Difference between Workstation and Desktop?

Discussion in 'Computer Support' started by sysadmin, Jan 18, 2006.

  1. sysadmin

    sysadmin Guest

    I need to purchase a PC for doing video editing. Mostly the applications I
    will be using are from Adobe (Premiere, Photoshop, After effects). There is
    a huge price difference between workstations and Desktops and I was
    wondering if somebody can tell me if a workstation is really necessary or if
    I can soup up a desktop to do the job?

    Thanks in advance!
     
    sysadmin, Jan 18, 2006
    #1
    1. Advertisements

  2. sysadmin

    Whiskers Guest

    I don't think there is any official distinction between what constitutes a
    'workstation' and what makes a 'desktop'; todays 'desktop' PCs are far
    faster and more powerful than the 'workstations' sold a few years ago.

    Whatever you buy, make sure that the hardware is at least up to the
    'recommended' specification for the software you intend to use. Ideally,
    talk to a PC builder about what you want the system for and ask for their
    expert advice. Ready-made systems are unlikely to be optimised for your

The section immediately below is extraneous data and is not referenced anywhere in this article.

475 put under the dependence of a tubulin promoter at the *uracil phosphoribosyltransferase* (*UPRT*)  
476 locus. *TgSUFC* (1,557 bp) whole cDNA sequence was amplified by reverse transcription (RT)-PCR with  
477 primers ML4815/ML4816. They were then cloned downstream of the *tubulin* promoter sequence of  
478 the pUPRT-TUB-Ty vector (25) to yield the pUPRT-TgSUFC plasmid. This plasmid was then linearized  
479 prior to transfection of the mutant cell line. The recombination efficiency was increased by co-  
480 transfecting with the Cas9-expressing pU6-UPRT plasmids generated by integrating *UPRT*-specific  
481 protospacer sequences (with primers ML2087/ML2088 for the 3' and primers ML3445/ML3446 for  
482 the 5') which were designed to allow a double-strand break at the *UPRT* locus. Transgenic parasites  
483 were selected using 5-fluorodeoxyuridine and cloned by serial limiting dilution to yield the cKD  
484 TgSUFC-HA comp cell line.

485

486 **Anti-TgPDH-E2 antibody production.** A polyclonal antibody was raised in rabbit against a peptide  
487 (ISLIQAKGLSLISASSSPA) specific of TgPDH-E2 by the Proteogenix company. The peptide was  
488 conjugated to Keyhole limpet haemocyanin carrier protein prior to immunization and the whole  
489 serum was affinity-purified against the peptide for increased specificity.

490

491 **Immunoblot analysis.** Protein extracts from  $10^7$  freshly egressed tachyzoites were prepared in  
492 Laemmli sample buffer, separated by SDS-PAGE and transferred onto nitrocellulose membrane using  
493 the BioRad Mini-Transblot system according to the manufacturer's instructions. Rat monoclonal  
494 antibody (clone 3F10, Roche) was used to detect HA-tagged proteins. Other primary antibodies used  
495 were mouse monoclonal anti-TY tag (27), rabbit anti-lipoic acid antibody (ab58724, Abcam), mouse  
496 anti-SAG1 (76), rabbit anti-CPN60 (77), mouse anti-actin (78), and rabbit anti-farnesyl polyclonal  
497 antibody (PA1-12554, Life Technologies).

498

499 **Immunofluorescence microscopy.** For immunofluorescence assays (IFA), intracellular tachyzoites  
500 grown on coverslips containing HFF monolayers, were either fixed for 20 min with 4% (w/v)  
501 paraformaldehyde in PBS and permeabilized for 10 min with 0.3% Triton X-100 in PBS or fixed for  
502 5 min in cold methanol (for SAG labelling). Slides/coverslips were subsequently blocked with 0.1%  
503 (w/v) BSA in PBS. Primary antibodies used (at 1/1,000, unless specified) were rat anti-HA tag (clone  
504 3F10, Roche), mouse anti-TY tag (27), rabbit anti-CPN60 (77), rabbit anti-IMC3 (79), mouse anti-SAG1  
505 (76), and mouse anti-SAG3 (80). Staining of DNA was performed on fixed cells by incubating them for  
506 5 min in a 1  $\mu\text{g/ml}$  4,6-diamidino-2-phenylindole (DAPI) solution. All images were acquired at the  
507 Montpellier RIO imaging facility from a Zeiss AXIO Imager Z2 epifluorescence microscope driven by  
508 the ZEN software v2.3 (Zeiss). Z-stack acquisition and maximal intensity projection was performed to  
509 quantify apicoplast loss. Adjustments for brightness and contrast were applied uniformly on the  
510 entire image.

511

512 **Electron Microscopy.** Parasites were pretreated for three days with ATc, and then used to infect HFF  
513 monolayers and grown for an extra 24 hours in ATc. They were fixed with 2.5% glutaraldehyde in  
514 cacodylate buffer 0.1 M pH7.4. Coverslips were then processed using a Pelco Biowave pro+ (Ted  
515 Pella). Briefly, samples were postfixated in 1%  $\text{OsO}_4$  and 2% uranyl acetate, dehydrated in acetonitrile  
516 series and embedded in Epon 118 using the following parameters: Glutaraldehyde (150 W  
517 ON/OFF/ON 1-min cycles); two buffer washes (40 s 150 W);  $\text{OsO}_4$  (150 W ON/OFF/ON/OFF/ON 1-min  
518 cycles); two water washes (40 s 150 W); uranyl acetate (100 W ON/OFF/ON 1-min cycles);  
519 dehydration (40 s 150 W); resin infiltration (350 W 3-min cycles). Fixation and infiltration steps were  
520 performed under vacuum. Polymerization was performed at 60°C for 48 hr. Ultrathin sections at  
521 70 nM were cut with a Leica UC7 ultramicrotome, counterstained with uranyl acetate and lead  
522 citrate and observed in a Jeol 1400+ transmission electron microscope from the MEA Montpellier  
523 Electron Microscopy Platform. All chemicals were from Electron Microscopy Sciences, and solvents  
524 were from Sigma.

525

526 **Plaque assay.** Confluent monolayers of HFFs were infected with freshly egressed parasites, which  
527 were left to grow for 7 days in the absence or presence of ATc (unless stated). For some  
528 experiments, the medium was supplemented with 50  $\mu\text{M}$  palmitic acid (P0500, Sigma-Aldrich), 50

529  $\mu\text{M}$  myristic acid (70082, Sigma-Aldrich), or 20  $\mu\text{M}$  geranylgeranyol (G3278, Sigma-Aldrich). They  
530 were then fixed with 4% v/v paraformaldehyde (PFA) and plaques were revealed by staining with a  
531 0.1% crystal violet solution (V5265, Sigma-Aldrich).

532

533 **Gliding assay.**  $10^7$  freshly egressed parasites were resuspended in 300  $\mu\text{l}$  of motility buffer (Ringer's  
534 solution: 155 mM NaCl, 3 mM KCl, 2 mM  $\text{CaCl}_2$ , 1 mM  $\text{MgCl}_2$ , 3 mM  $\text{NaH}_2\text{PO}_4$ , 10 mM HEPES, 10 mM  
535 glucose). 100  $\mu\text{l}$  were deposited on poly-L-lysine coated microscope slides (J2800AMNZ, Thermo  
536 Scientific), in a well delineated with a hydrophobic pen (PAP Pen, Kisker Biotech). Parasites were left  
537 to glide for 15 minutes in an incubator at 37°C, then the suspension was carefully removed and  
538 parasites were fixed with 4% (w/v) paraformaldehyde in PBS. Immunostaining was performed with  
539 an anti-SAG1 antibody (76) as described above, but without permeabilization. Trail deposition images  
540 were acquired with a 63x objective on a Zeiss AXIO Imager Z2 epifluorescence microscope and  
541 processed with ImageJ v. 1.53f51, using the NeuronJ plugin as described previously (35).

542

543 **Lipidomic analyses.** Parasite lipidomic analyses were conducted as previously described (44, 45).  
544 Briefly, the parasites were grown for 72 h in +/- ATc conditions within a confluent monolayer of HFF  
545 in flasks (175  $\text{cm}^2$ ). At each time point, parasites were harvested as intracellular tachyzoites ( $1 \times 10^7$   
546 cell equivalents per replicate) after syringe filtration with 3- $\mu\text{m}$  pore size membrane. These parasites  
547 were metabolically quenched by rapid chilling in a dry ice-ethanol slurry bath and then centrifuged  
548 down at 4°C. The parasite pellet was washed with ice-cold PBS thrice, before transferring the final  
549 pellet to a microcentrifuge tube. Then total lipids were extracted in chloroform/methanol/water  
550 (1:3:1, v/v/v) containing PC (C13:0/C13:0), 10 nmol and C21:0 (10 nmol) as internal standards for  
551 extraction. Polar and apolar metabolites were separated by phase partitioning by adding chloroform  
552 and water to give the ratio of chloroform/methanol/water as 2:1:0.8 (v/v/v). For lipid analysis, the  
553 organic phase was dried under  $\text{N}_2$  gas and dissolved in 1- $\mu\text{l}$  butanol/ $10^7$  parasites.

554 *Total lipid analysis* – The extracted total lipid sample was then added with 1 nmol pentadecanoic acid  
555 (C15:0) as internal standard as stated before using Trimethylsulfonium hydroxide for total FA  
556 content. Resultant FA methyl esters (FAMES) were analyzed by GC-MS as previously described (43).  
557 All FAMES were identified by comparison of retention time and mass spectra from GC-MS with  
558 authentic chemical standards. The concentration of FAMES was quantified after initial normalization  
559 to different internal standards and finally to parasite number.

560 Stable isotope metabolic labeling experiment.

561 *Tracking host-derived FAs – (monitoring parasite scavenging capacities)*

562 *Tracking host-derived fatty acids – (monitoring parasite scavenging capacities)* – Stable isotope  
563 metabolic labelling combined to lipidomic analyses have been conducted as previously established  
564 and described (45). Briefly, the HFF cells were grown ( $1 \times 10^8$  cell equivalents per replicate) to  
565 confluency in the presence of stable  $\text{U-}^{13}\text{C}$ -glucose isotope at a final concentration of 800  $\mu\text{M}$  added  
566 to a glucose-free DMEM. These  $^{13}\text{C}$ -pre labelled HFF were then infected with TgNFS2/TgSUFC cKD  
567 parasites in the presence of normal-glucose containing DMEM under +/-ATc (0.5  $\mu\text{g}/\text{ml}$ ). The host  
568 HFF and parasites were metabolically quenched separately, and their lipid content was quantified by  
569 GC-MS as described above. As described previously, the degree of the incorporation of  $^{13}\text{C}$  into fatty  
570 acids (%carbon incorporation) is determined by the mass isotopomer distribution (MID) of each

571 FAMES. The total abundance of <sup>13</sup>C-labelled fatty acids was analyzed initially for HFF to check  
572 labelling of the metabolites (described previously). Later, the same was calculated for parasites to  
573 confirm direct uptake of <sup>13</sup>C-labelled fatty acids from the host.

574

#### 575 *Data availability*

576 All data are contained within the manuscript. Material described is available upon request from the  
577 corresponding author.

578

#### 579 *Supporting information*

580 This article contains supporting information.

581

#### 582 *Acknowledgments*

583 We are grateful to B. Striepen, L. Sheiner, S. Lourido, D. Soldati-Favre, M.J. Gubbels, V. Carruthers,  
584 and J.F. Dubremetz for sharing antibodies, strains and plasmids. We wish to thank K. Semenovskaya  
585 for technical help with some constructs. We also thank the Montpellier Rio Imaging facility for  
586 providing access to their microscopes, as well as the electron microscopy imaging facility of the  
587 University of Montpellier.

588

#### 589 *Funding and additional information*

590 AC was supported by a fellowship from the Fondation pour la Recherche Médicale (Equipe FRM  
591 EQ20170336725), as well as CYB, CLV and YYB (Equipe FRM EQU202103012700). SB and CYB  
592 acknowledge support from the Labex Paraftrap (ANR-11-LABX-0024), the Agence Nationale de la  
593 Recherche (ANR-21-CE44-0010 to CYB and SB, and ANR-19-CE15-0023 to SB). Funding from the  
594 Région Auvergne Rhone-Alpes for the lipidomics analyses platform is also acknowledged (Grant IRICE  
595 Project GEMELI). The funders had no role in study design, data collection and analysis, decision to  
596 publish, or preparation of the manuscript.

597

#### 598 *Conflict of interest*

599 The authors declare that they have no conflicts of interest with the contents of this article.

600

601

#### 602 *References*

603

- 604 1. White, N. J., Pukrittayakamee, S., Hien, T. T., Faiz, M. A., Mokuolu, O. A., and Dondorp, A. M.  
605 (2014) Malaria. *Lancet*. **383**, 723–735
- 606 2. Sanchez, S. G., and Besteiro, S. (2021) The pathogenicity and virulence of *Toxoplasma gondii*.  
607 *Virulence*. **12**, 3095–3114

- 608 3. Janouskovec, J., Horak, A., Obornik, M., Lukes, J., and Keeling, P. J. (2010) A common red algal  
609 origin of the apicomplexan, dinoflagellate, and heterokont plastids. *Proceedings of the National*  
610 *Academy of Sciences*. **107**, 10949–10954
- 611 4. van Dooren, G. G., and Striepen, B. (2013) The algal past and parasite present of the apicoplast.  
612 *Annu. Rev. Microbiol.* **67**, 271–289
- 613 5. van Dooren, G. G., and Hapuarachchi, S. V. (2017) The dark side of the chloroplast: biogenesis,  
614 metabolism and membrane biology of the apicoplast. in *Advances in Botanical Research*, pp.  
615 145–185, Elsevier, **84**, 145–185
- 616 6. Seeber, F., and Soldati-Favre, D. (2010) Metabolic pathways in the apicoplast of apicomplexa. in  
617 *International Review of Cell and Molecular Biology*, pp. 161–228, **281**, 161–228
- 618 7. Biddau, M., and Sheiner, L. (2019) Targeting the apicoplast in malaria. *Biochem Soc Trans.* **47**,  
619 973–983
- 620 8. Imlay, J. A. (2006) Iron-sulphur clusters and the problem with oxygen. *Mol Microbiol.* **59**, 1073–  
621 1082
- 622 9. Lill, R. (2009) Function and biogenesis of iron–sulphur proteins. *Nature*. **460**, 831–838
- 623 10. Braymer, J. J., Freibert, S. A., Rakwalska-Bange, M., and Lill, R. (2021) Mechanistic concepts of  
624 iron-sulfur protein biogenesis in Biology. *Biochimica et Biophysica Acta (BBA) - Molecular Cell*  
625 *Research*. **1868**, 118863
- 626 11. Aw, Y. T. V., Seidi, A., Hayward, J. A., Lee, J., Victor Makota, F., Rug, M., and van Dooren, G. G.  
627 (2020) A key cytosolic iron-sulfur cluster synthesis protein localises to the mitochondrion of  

special purpose.

    You probably could 'do video editing' on the cheapest outfit on sale in
    your favourite chain-store - but it would be a slow and frustrating
    experience if you want to do very much of it.
     
    Whiskers, Jan 18, 2006
    #2
    1. Advertisements

  3. sysadmin

    Leythos Guest

    If the builders on the same site classify two different systems, one as
    a workstation, one as a Desktop, you typically find this:

    Workstation:

    Either designed for a managed environment, may not come with software,
    may come in very-low end (like for Terminal Server client only) or very
    high-end for CAD/Graphics work.

    Desktop:

    Anything goes, could be high-end or low-end, normally has a lot of
    fluff/crap loaded with it.

    If you are doing PhotoShop you want as much RAM as you can afford, at
    lest 2GB. With you do a lot of Video, then you want more than one hard
    drive, a source files drive and a finished files drive - this lets you
    save a LOT of time by reading files/source from drive 0 and writing them
    to destinatio drive.

    If you get a Intel CPU, get one with a 2MB CACHE on the CPU, and get one
    that is Hyper-Threaded and faster than 3.2Ghz...

    Video is another area, a quality HIGH-END card, read the reviews online